KABUL (Reuters) – Afghanistan President Ashraf Ghani on Sunday entered the 2019 presidential race after forging an alliance with a staunch critic to challenge his former governing partners at a time when the Taliban has shut him out of talks to end more than 17 years of war.
Afghanistan’s President Ashraf Ghani speaks to the media after arriving to register as a candidate for the upcoming presidential election at the Afghanistan’s Independent Election Commission (IEC) in Kabul, Afghanistan January 20, 2019.REUTERS/Omar Sobhani
Ghani, 69, is seeking a second term amid the war with the hardline Islamic militants and ongoing peace talks between the United States and the Taliban, in which his government complains it has been sidelined.
On Sunday Ghani registered as a presidential candidate for the July election, facing competition from his one-time officials who have formed new alliances.
Independent analysts said Afghanistan’s political landscape has been thrown into turmoil by the nominations and shifting loyalties.
A day earlier former warlord Gulbuddin Hekmatyar announced he was running for president, with the Afghanistan Chief Executive Abdullah Abdullah, who currently holds a power-sharing agreement with Ghani, formally entering the race on Sunday morning.
In a televised announcement, President Ghani, accompanied by his wife and political allies, listed his National Unity government’s achievements during the five-year term, including his consistent offer to hold unconditional peace talks with the Taliban.
“I started the peace initiative and our team will bring stable and long-lasting peace to the country,” he said, adding that if the Taliban consider themselves Afghans they “should come and talk to us”.
Ghani’s critics say the previous presidential election in 2014 was fraught with irregularities, but the American government backed the Western-educated leader to rule the country while Washington wound down the U.S. military presence in favor of an advisory role to Afghan forces in the war.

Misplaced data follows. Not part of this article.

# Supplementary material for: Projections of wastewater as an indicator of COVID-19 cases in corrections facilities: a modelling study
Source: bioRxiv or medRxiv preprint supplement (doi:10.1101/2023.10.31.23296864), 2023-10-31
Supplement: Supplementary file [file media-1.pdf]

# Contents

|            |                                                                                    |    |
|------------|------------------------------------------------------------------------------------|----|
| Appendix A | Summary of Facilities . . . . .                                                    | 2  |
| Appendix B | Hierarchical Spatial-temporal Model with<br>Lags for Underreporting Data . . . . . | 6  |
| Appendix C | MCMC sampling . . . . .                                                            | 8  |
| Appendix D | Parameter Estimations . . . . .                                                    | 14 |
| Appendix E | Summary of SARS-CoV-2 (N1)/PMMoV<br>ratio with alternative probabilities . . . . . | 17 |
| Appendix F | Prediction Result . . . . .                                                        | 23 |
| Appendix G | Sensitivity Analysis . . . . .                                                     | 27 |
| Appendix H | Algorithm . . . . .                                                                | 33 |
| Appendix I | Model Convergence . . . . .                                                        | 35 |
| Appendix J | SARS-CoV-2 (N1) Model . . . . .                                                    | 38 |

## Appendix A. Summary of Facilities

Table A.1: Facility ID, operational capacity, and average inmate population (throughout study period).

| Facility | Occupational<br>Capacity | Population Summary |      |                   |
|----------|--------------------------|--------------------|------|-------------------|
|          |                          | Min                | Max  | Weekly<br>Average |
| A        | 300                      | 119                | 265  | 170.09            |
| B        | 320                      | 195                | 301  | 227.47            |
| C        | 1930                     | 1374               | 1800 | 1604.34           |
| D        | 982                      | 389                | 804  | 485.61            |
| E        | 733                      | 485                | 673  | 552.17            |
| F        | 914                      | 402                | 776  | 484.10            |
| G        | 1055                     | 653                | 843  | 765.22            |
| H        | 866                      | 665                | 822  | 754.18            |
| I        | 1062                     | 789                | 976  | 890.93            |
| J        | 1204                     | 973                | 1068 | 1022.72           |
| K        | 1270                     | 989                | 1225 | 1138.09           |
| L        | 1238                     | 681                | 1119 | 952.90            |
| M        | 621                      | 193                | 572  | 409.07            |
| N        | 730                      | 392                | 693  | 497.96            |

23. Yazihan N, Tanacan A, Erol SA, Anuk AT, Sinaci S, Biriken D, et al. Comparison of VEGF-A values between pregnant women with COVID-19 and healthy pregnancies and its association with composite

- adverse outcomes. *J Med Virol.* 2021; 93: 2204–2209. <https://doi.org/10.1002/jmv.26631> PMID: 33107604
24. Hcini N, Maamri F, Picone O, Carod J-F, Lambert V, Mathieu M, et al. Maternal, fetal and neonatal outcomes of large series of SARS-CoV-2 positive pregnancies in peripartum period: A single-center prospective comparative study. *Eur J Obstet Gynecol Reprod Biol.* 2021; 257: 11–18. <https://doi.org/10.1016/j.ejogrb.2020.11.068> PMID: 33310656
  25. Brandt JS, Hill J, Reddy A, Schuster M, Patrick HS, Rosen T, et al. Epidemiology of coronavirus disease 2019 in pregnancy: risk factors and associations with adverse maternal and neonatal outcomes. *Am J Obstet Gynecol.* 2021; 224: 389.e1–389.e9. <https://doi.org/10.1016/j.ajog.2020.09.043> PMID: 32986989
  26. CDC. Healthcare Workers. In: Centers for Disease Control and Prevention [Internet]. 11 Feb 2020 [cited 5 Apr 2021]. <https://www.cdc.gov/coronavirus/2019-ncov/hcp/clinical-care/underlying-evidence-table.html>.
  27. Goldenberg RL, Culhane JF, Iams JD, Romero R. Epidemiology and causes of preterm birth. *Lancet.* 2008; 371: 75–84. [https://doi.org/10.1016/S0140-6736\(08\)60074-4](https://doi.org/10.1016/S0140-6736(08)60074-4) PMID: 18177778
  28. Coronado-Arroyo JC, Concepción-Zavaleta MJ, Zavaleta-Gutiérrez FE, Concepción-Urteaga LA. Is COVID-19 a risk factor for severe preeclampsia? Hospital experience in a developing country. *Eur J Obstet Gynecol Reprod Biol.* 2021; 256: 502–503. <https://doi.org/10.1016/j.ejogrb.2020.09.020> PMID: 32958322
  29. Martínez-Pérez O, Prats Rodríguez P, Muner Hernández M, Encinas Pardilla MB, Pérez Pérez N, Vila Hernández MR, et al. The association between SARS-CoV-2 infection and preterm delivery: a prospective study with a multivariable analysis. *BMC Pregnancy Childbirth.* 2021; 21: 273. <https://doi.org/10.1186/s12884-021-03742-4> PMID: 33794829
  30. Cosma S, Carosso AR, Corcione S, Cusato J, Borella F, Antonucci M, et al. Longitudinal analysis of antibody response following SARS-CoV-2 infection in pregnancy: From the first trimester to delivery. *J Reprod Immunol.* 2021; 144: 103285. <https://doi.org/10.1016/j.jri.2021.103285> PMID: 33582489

But in the past four years, Western diplomats said they found Ghani to be an unrealistic micromanager who had failed to assess the security crisis or build political consensus to govern far-flung provinces.
The Taliban, has steadily carved out territorial gains since 2014, leaving Ghani’s government in control of less than two thirds of the country. Islamic State also has an established presence in the east of the country.
Suicide attacks targeting Afghan forces, government officials and expatriates have not subsided.
Last year Washington appointed Afghan-born diplomat Zalmay Khalilzad to start direct peace talks with the Taliban. Khalilzad has met Taliban leaders at least three times but disagreement over the agenda and the Taliban’s refusal to meet representatives from Ghani’s government has stalled the talks in recent weeks.
“Ghani could have made a dignified exit from politics and committed himself to the peace process, but instead he has formed an alliance with his main opponent to secure a second term,” said one Western diplomat in Kabul, asking to remain anonymous.
On Saturday Interior Minister Amrullah Saleh stepped down from his position to join the Ghani’s team as a vice-presidential candidate. Ghani, an ethnic Pashtun, had appointed Saleh, once seen as a significant rival, in an effort to neutralize his political opponents and shore up support from Afghanistan’s ethnic Tajiks, among whom Saleh commands strong backing.
“The most fundamental shift in Kabul politics recently has been the muddying of the waters during the presidential candidate nominations,” said Graeme Smith, a consultant for the International Crisis Group
Smith said the rural-urban divide in which major cities favored Ghani while his opponents received backing from provincial strongholds had been eroded. “Those clear lines have been blurred,” he said.
Senior electoral officials, who have been accused of failing to conduct free and fair parliamentary elections last year, said they are committed to stick to the deadline but the security situation could force them to delay polls by two months.
Additional reporting by Charlotte Greenfield; Editing by David Goodman